As previously reported by The Inquisitr, a state of emergency has been issued in Rockland County, New York, last week in response to a measles outbreak. As a result of this, parents of unvaccinated children are attempting to sue the local government.
With 161 residents now infected with measles, a highly contagious disease that can be largely prevented with vaccination using the Measles Mumps Rubella vaccine (MMR), County Executive Ed Day took the initiative to ban unvaccinated children from attending public places in an effort to control the outbreak. Children under the age of 18 and who have not been vaccinated are not permitted from visiting indoor public places in a ban that was implemented on Wednesday, March 27. This ban covered locations such as shopping malls, restaurants, and other gathering places. However, an exemption was made for those that had a medical reason for forgoing the vaccine.
However, parents of unvaccinated children in the area are now suing the local government in an effort to have the ban lifted. According to Gothamist, two cases are currently in front of the Supreme Court in New York City. Filed on Wednesday, the cases are using a New York state statute, Executive Law 24, that allows for a state of emergency to be declared. According to the attorney Michael Sussman, who is leading one of the cases and representing approximately 30 parents who are opposed to the measles state of emergency, the measles outbreak in Rockland County is not yet of a large enough significance to warrant a state of emergency to be imposed.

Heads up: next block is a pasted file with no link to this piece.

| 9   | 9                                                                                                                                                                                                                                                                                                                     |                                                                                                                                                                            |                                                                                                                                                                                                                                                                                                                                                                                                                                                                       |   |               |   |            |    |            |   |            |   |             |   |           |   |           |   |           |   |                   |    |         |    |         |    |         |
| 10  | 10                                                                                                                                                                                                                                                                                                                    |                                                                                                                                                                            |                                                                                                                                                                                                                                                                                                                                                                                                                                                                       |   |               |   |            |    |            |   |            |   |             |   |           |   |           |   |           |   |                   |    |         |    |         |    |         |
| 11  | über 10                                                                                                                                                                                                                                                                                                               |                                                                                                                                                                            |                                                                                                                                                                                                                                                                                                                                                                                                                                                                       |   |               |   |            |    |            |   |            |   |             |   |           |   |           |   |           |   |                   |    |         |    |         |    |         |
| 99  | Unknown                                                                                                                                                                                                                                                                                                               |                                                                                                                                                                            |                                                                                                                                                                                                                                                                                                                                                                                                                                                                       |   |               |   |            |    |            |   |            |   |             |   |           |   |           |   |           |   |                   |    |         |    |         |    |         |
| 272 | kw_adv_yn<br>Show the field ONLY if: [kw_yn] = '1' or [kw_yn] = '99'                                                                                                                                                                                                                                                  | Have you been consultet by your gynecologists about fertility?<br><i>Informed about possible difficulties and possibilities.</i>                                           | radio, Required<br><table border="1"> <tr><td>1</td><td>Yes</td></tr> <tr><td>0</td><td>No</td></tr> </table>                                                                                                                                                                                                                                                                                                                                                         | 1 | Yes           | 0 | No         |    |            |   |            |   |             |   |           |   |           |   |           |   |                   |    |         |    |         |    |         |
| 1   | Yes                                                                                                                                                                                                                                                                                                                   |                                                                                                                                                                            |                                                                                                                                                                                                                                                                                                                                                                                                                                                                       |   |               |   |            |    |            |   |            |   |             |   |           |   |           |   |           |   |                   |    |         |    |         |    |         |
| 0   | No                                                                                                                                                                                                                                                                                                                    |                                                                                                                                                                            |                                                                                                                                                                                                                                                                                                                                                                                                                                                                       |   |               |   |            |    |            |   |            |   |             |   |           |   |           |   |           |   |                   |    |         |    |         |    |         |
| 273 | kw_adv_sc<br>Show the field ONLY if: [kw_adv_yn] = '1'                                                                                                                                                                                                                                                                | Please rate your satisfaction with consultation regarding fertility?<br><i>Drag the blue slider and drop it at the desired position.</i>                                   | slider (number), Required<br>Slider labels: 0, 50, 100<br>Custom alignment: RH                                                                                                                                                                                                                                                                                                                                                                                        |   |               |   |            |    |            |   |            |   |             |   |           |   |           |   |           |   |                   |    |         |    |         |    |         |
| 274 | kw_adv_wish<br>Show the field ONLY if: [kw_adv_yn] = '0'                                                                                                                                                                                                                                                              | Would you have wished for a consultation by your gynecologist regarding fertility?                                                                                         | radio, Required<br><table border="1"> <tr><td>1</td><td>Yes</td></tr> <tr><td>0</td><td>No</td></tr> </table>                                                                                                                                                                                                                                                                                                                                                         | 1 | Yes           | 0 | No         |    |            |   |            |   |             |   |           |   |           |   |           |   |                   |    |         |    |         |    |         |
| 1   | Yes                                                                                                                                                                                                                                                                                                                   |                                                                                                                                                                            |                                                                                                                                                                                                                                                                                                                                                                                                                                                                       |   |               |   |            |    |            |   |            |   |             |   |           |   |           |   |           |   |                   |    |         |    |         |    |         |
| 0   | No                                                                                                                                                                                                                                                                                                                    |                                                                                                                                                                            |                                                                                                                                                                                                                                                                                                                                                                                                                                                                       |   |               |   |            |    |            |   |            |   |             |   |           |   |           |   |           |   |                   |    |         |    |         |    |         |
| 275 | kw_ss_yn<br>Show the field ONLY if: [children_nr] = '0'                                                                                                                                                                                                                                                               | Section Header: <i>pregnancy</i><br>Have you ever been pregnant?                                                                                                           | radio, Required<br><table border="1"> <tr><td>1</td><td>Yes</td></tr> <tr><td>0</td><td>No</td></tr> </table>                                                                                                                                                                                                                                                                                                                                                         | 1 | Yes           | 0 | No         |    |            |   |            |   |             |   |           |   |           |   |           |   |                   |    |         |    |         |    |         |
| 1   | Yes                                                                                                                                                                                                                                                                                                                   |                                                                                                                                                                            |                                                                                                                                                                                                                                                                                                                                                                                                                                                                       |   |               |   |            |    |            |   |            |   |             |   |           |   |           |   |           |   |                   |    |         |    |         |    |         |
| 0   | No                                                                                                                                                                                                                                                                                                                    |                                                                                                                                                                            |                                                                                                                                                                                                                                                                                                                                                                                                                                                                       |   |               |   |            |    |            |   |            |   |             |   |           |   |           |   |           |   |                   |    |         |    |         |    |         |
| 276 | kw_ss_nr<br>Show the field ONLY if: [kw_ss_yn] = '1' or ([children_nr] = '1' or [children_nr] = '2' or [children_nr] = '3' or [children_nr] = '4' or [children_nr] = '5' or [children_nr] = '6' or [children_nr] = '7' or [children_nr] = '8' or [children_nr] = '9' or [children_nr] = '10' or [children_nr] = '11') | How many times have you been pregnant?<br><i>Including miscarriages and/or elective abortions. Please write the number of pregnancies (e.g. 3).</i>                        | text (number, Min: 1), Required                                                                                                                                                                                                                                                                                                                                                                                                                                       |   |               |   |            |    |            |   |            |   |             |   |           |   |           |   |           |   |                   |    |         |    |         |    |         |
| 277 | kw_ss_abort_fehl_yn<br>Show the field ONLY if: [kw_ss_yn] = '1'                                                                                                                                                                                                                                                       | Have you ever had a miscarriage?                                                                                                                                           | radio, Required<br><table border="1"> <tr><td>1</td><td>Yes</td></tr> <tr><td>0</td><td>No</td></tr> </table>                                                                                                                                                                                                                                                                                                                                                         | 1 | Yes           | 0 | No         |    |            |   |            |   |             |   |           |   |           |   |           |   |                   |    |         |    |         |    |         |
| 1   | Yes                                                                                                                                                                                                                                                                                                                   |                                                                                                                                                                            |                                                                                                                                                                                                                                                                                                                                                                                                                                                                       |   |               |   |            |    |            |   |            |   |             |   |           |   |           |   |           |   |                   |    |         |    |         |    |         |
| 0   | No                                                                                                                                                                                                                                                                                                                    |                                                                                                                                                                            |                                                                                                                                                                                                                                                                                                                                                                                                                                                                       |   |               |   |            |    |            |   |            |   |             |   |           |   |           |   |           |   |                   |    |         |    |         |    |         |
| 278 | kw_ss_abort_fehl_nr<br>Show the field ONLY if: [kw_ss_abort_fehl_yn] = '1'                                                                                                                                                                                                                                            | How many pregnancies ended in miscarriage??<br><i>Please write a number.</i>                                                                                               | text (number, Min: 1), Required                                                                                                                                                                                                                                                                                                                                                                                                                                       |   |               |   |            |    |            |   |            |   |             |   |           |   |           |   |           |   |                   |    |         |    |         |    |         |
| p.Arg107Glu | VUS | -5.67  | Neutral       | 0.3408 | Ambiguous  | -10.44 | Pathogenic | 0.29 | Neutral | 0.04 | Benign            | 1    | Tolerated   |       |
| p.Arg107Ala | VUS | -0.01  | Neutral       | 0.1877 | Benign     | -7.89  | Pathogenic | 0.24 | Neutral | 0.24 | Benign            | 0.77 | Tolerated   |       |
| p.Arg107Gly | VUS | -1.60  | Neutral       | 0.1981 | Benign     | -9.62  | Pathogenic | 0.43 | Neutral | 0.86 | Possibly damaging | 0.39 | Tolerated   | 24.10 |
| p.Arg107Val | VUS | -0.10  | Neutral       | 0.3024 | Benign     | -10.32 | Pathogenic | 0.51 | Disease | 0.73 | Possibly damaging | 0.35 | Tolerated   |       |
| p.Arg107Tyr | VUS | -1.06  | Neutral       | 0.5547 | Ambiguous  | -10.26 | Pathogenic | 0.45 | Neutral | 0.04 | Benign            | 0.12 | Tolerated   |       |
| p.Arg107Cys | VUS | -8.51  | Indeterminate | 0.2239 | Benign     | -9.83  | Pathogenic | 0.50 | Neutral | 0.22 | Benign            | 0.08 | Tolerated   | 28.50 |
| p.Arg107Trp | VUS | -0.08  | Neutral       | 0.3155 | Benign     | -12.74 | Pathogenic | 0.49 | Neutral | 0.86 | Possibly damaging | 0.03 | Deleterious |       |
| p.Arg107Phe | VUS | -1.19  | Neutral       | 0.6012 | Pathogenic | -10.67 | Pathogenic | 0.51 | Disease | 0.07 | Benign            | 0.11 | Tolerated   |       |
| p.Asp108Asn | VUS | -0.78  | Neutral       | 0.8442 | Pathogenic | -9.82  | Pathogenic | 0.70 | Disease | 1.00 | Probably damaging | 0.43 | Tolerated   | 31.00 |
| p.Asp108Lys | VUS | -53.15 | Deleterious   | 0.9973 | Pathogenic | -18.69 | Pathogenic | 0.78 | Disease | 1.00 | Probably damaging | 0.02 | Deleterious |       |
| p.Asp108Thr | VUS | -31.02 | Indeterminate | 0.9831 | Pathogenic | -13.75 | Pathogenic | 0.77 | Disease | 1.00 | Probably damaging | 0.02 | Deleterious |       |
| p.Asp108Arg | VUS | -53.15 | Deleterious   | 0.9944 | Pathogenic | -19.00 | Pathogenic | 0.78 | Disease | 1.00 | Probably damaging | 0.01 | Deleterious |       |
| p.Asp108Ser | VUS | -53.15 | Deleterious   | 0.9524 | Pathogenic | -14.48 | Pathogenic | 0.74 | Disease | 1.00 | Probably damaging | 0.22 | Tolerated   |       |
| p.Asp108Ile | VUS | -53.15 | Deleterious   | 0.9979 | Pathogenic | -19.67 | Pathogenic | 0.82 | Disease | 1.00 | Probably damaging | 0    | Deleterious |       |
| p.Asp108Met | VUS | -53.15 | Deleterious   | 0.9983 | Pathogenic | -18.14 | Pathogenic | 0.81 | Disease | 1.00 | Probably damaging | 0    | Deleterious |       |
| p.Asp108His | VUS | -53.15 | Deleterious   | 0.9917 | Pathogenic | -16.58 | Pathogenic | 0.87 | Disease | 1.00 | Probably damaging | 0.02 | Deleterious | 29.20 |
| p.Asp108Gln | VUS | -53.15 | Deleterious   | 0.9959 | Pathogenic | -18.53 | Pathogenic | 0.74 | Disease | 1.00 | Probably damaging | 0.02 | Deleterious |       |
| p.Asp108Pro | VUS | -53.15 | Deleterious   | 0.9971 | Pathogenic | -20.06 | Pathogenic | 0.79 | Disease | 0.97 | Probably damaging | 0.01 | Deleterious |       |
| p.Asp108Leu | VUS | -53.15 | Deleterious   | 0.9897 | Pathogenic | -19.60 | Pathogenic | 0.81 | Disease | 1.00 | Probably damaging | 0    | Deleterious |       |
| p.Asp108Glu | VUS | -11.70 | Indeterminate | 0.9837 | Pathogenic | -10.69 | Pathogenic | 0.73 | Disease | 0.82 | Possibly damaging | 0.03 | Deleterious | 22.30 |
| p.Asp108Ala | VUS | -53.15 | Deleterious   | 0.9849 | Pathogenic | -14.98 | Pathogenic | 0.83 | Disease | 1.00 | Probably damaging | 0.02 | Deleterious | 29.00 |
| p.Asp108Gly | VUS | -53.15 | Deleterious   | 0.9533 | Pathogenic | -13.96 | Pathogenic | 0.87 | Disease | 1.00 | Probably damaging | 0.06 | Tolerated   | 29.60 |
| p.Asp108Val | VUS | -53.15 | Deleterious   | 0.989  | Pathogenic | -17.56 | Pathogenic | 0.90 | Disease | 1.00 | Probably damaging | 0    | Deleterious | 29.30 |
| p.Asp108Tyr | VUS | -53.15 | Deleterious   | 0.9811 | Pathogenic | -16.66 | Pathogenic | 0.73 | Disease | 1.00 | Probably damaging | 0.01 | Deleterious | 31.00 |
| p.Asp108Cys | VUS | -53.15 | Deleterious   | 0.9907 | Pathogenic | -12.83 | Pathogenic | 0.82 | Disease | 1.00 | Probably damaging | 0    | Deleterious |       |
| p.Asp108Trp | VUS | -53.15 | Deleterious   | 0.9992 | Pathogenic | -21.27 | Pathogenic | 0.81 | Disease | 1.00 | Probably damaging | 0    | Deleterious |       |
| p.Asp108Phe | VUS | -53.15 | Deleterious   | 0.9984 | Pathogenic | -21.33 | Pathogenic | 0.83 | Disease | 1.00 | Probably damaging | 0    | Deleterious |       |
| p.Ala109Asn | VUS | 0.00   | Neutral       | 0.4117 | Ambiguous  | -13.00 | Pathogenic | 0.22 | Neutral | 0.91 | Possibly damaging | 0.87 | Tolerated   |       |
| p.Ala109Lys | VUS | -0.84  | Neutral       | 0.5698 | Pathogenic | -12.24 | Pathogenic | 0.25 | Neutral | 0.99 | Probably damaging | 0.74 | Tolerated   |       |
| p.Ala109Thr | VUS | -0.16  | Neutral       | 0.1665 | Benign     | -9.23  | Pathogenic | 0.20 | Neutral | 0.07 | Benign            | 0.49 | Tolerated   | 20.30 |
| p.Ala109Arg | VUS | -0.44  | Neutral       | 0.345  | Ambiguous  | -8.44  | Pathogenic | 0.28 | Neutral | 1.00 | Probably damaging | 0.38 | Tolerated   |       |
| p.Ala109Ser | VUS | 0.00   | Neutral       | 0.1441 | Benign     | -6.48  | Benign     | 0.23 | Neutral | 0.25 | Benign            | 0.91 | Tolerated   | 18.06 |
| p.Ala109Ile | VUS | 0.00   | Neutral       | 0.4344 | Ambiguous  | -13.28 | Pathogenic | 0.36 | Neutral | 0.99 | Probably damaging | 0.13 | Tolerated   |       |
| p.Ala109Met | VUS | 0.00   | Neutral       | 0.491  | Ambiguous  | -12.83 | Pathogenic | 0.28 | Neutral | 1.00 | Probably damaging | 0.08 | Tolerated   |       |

Sussman issued the following statement.
“There’s been a bungling of the situation by Rockland County, for now, six months and Rockland County. Instead of dealing with the actual public health issues involved, which are most directly dealt with through the quarantining of affected people and those close to them — rather than doing that, they’ve made a wholesale effort to punish people who have legitimate religious exemptions.”
— Emilio Mordini (@emiliomordini) April 4, 2019
In addition, Patricia Finn is heading a separate suit for an unnamed parent and is arguing that the county is attempting to “increase vaccination rates in Rockland County to a 100 percent threshold of vaccination compliance for all children.”
However, the county has continued to argue that they are not planning to implement a permanent prohibition. The current measles state of emergency is set for 30 days with the expiration date of April 30, which, upon this date, the situation will be assessed once more.
In the past, extreme bans have been issued in Rockland County to help contain deadly disease outbreaks. An example of this is early in the 20th century when polio outbreaks were rampant, during which officials would ban children from attending public places in order to both stop the spread of contagion and protect those who had not contracted the illness.
Public health officials are also arguing that there is a scientific basis for not allowing unvaccinated children in public areas. Measles is highly contagious and can spread very quickly via airborne particles that can survive outside of the body for up to two hours. In addition, a person infected with measles can take up to 12 days to show any symptoms. And, by this point, they could have gone on to infect many others via public spaces.
The cases are expected to be heard before judges on either Thursday or Friday, according to Gothamist.